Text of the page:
If you are like many people, you have your Easter menu planned well in advance, or in most cases, you have a traditional family meal that’s always prepared. But with all the advanced preparations, have you thought to chose the right wine to accompany your meal? Now, the “right wine” is subjective. It’s all a matter of personal preference. Some of you may only prefer a sweeter style white wine, and some only drink red. We have some suggestions to satisfy those differentiating palettes at your dinner table.
If you are serving ham this Easter, there are numerous wines you could serve. Many people choose a sweet topping or glaze to counter the saltiness of the meat. In that case, a Riesling or a Gewürztraminer are going to be your best option. Both wines have a dry fruitiness that is both refreshing and palette cleansing. The sweet, round mouth-feel compliments any sweetness in the topping and the acidity will balance the salt of the meat. If you prefer a dryer style Riesling, try a Washington State Barnard Griffin Riesling $13 or Charles Smith Kung Fu Girl $17. For a more fruit forward, sweeter style Riesling, try an Alsatian or German Riesling such as Fritz’s Riesling $14. For a lighter, aromatic and elegant Gewürztraminer, try Villa Wolf Gewürztraminer $15. If you are a Chardonnay drinker, try a lightly oaked style like White Rock Chardonnay $32.50.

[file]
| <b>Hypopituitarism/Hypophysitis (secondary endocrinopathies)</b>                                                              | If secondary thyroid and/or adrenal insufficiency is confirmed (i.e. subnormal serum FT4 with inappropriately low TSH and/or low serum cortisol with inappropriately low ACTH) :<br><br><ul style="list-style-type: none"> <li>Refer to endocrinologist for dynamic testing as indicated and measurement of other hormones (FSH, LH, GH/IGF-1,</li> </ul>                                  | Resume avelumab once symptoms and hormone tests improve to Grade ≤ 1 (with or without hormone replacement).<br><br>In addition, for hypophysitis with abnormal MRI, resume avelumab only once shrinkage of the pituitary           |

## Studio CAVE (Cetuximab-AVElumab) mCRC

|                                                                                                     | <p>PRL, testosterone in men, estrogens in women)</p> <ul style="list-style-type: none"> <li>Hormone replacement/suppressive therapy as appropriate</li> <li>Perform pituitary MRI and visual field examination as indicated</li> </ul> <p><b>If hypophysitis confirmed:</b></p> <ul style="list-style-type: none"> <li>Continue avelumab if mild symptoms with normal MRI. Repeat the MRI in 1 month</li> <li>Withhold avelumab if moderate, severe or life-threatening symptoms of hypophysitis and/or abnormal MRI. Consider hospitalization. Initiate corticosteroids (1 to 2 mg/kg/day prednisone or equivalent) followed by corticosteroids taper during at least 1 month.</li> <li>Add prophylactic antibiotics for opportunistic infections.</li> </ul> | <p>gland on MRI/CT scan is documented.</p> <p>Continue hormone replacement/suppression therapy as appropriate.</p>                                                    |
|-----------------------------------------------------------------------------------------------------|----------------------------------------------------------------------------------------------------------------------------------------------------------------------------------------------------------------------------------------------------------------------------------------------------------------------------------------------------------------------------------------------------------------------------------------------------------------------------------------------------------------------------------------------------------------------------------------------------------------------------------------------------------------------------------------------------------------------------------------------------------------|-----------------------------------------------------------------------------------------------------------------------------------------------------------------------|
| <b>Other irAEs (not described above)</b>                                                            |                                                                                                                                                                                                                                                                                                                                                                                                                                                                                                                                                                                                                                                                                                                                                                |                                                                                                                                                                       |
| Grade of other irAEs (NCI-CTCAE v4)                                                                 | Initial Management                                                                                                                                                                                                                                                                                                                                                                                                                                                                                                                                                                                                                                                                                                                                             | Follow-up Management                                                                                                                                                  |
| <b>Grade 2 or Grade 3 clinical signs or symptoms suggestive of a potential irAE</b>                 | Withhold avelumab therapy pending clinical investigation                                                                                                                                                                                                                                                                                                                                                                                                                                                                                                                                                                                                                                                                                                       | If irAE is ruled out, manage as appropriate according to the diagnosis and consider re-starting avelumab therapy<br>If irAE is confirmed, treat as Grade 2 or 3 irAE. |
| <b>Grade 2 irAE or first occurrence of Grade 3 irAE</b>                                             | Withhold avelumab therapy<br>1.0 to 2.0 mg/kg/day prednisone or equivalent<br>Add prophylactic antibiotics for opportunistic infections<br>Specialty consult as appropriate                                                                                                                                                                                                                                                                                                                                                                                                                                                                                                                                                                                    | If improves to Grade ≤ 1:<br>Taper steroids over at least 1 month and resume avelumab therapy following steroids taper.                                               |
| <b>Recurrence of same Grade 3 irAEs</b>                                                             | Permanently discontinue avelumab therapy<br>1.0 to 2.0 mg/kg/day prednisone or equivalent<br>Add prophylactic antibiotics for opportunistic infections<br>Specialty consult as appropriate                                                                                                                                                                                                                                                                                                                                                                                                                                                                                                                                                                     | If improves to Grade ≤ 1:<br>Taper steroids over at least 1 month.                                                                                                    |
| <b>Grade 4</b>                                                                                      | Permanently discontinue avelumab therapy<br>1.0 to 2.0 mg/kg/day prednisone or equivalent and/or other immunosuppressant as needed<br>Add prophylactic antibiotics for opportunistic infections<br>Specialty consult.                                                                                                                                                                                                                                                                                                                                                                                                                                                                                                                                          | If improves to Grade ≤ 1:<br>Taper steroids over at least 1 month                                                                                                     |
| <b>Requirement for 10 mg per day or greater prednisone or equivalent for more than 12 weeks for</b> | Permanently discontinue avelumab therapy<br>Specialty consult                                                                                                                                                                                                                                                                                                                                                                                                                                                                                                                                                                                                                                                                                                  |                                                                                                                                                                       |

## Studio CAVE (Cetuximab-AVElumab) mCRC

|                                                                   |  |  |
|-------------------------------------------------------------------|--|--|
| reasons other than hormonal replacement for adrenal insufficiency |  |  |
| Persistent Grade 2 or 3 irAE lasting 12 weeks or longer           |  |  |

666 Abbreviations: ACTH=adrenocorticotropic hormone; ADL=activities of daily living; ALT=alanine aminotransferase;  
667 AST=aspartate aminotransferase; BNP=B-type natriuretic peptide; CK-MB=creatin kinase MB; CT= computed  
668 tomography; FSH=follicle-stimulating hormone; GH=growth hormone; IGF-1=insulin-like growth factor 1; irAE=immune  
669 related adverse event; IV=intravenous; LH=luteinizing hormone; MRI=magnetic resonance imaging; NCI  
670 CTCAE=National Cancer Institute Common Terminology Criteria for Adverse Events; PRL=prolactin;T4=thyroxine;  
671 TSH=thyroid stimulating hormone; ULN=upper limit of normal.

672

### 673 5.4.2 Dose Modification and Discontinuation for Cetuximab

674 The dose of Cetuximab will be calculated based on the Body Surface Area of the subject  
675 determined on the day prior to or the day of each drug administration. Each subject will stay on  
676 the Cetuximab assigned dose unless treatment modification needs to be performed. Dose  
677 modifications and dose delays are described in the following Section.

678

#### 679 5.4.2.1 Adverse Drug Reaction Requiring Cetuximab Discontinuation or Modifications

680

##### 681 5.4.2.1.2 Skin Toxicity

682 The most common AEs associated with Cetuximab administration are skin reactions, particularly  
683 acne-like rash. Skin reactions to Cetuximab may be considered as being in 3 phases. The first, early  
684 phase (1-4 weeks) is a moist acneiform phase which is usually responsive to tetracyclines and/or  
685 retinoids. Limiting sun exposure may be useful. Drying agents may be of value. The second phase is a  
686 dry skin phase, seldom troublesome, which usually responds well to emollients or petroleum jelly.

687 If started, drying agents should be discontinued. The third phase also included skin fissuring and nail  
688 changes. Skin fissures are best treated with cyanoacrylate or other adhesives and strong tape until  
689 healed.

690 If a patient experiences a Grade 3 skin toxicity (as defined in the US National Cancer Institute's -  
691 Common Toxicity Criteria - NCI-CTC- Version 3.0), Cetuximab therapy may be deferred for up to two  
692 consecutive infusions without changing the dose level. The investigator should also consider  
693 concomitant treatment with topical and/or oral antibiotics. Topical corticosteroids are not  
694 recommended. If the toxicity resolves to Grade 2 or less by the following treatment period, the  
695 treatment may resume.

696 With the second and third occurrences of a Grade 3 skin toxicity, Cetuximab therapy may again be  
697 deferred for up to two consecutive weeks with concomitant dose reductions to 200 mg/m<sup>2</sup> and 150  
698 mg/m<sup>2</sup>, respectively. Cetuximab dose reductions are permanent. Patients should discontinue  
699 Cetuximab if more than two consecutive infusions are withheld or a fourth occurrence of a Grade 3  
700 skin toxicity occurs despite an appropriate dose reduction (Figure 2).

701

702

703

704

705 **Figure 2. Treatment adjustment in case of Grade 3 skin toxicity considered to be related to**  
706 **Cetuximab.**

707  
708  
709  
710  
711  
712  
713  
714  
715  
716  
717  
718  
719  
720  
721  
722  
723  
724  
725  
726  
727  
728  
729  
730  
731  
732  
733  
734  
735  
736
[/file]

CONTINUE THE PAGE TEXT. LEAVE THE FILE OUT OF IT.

For the red wine drinkers, depending on how you present your ham, you could pair either a Zinfandel or a Pinot Noir. With the sweet glazed ham, a red fruit forward, low tannin Zinfandel would handle well, such as Axis Zinfandel $15. For a spicily prepared ham with cloves and herbs, an Oregon Pinot Noir would be fantastic. Try Archery Summit Premier Cuvee $48.
Lamb and sheep are often associated with spring. Maybe it’s the fact they give birth in the spring to wobbly little babies and springtime in itself is associated with new life. In any case, lamb is another popular choice for Easter dinner. Lamb is a fairly robust meat and should be paired accordingly with a red wine that can handle its full flavors. This wine should have decent tannins, a fair amount of fruit and a lengthy finish that won’t be overpowered by the meat. There are a number of red wines that can accomplish all of those qualifications, from a Cabernet to a Malbec, Merlot and Tempranillo. Try
Jax Vineyards Cabernet Sauvignon, Napa Valley $40
Volver Tempranillo, La Mancha, Spain $16
Stags’ Leap Winery Merlot, Napa Valley $22
Argento Malbec, Mendoza, Argentina $12
If you are feeling that you really want to get in the spirit of Easter and embrace the roots of Easter’s Israeli heritage, try a kosher wine from Israel – Recanati Chardonnay and Recanati Cabernet Sauvignon $17 each from Galilee. The Chardonnay is a California style oaked style with a smooth buttery finish. Their Cabernet is fruit forward with soft tannins, easily paired with the traditional lighter dishes of Easter.